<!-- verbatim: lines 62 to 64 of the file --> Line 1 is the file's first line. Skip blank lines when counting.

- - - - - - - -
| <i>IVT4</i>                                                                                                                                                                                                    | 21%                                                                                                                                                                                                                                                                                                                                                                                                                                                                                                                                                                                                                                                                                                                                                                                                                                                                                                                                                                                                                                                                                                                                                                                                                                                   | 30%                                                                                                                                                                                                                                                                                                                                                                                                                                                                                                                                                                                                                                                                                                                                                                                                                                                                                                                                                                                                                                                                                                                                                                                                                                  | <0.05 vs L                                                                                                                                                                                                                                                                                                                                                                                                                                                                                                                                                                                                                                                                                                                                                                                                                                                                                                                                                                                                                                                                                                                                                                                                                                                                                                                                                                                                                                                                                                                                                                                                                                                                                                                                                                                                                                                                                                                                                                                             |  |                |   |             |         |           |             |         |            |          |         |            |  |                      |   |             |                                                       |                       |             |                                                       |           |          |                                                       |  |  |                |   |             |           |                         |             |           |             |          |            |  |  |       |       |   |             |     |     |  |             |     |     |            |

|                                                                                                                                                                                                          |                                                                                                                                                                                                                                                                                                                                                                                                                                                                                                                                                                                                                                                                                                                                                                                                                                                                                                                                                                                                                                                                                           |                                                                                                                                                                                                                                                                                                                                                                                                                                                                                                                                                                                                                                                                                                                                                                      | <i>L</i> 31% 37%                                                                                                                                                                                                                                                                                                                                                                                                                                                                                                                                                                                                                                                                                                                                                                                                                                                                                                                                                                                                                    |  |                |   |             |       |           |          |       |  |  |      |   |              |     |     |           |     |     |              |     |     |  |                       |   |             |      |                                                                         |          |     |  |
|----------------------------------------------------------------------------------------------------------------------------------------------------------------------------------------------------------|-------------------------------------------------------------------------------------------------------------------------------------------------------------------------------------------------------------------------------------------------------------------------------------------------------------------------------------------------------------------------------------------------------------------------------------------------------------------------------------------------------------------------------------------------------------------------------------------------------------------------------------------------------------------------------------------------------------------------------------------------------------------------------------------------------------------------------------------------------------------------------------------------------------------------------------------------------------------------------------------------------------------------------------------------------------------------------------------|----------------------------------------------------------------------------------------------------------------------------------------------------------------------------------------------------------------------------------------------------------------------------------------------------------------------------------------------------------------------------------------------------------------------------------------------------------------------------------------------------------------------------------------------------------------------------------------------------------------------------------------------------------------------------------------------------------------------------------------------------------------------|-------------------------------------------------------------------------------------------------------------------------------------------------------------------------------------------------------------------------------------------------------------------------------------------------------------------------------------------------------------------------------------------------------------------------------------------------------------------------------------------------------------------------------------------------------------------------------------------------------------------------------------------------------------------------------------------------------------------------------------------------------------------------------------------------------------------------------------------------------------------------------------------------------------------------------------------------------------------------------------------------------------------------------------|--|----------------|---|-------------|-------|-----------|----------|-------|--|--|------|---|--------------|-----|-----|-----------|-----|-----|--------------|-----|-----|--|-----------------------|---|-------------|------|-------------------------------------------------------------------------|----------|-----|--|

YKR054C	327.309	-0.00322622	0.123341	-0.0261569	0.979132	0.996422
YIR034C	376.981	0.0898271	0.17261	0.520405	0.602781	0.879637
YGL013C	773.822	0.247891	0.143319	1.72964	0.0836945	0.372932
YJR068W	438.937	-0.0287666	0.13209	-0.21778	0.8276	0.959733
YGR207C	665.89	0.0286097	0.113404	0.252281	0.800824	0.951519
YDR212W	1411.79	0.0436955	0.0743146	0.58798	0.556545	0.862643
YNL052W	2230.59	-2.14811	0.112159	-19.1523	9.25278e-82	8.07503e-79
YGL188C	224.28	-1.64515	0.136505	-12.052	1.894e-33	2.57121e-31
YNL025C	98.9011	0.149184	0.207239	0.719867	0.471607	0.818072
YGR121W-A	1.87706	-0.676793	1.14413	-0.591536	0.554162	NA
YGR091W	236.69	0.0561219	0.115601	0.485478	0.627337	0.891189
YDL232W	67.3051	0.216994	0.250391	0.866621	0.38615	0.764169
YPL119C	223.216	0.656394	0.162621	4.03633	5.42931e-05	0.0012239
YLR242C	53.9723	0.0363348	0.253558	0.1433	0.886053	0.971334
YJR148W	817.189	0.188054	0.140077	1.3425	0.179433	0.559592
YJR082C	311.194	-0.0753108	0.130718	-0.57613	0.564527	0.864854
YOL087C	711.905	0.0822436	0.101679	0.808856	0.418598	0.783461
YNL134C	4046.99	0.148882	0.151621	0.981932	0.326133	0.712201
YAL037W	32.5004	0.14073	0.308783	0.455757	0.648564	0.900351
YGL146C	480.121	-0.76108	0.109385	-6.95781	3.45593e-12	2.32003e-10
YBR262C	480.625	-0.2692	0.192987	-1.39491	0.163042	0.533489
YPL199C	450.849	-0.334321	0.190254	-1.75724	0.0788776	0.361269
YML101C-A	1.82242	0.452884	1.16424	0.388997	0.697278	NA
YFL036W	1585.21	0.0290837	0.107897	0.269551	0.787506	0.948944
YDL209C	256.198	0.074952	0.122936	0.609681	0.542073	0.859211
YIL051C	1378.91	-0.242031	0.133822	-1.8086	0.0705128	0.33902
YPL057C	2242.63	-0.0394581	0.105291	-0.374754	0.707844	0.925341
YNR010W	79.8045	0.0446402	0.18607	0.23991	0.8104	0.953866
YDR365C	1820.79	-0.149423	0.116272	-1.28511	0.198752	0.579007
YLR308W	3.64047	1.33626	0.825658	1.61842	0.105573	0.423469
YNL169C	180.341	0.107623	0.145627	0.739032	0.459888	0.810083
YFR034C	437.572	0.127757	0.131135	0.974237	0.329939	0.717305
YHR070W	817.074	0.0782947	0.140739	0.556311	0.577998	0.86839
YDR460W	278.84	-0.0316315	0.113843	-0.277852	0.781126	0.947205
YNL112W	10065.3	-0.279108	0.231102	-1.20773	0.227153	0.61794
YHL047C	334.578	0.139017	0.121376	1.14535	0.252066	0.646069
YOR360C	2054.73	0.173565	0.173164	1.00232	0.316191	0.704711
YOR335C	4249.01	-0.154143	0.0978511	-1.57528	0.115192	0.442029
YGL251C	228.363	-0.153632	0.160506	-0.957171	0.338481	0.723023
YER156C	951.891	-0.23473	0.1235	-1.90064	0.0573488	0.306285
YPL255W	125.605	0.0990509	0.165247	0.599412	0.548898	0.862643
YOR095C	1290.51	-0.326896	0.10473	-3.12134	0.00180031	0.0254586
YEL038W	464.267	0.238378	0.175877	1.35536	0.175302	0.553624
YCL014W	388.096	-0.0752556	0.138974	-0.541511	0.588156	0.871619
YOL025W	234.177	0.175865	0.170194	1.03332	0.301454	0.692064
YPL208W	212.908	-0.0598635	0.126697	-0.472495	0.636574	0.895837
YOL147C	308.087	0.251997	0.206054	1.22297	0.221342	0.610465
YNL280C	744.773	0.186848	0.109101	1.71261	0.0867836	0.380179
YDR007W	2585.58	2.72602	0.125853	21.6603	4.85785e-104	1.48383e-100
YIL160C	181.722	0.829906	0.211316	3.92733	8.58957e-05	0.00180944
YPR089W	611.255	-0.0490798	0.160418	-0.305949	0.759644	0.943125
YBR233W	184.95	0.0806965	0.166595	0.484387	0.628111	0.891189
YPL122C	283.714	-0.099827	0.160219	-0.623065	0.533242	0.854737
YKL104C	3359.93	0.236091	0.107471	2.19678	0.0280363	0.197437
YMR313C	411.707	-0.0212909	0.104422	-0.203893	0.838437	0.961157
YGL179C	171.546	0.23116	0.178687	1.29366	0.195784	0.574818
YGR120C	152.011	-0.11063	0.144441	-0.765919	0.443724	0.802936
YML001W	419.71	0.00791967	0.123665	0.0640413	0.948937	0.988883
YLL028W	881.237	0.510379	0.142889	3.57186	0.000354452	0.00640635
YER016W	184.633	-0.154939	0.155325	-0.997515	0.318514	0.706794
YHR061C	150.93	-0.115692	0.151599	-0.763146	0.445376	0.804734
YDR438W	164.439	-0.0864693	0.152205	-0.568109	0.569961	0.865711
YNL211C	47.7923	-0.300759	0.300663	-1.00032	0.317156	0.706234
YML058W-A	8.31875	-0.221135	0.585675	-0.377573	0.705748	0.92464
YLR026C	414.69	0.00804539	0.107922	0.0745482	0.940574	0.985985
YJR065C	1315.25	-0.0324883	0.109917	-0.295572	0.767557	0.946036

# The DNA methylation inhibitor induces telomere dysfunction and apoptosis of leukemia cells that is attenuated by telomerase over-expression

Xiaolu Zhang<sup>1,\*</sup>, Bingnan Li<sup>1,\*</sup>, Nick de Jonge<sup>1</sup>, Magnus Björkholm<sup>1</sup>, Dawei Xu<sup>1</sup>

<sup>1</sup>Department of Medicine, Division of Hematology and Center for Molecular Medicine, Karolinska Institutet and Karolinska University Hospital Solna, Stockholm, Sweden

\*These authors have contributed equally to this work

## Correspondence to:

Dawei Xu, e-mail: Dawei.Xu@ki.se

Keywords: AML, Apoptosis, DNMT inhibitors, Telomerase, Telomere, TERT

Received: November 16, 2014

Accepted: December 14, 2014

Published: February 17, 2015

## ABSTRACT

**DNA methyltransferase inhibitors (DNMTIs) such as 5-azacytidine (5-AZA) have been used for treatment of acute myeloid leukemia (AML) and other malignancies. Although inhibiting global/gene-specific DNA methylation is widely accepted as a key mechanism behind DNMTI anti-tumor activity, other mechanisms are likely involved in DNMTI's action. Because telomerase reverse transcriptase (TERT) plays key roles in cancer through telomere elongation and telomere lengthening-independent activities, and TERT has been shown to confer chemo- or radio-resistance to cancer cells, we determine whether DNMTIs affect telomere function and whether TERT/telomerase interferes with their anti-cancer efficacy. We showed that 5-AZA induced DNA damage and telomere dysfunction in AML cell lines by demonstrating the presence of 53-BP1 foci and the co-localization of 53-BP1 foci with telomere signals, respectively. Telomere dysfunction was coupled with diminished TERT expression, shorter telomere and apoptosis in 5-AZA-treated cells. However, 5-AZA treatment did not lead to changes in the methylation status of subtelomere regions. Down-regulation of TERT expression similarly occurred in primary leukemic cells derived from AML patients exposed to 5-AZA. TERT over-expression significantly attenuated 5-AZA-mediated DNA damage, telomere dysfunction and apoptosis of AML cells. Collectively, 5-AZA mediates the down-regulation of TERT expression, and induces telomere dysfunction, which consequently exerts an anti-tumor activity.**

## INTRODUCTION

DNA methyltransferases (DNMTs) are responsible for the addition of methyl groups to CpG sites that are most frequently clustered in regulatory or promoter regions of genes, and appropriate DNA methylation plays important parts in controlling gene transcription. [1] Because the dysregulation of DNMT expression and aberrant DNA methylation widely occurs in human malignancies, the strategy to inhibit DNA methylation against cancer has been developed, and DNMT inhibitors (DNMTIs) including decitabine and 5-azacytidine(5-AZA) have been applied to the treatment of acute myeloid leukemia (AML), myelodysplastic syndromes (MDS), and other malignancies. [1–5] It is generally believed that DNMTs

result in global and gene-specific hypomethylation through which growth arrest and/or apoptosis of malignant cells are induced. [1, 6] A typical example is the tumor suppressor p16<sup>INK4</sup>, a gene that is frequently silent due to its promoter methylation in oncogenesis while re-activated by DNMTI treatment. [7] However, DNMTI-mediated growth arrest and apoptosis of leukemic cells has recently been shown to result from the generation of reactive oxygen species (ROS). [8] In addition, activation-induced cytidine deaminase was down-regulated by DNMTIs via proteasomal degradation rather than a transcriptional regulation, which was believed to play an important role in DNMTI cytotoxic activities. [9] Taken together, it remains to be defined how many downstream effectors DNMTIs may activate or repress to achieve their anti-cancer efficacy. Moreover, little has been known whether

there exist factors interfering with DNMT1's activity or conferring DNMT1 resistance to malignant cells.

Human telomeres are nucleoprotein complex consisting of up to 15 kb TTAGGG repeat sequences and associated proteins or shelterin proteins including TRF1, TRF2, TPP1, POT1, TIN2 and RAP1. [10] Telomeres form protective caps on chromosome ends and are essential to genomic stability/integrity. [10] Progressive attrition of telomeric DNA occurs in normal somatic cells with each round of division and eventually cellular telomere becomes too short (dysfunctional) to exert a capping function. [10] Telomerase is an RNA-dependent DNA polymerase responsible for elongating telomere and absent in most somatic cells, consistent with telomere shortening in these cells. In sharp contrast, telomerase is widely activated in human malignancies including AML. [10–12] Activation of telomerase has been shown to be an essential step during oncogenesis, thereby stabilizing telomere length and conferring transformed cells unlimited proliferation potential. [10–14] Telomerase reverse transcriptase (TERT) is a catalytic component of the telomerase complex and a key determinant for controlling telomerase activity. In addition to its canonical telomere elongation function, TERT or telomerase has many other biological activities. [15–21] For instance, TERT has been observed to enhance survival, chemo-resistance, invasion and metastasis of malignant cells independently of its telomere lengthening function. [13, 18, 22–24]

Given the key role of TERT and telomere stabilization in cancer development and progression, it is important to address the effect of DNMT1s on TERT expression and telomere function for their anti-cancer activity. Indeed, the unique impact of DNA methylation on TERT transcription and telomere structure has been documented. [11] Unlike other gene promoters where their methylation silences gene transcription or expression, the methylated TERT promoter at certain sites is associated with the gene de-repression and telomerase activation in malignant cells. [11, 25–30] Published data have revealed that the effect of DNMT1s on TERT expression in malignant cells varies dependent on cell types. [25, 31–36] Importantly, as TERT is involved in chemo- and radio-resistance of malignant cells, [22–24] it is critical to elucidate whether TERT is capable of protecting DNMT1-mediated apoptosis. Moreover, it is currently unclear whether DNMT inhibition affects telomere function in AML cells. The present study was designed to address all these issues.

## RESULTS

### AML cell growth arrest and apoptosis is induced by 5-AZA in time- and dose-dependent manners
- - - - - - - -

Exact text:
YLL028W	881.237	0.510379	0.142889	3.57186	0.000354452	0.00640635
YER016W	184.633	-0.154939	0.155325	-0.997515	0.318514	0.706794
YHR061C	150.93	-0.115692	0.151599	-0.763146	0.445376	0.804734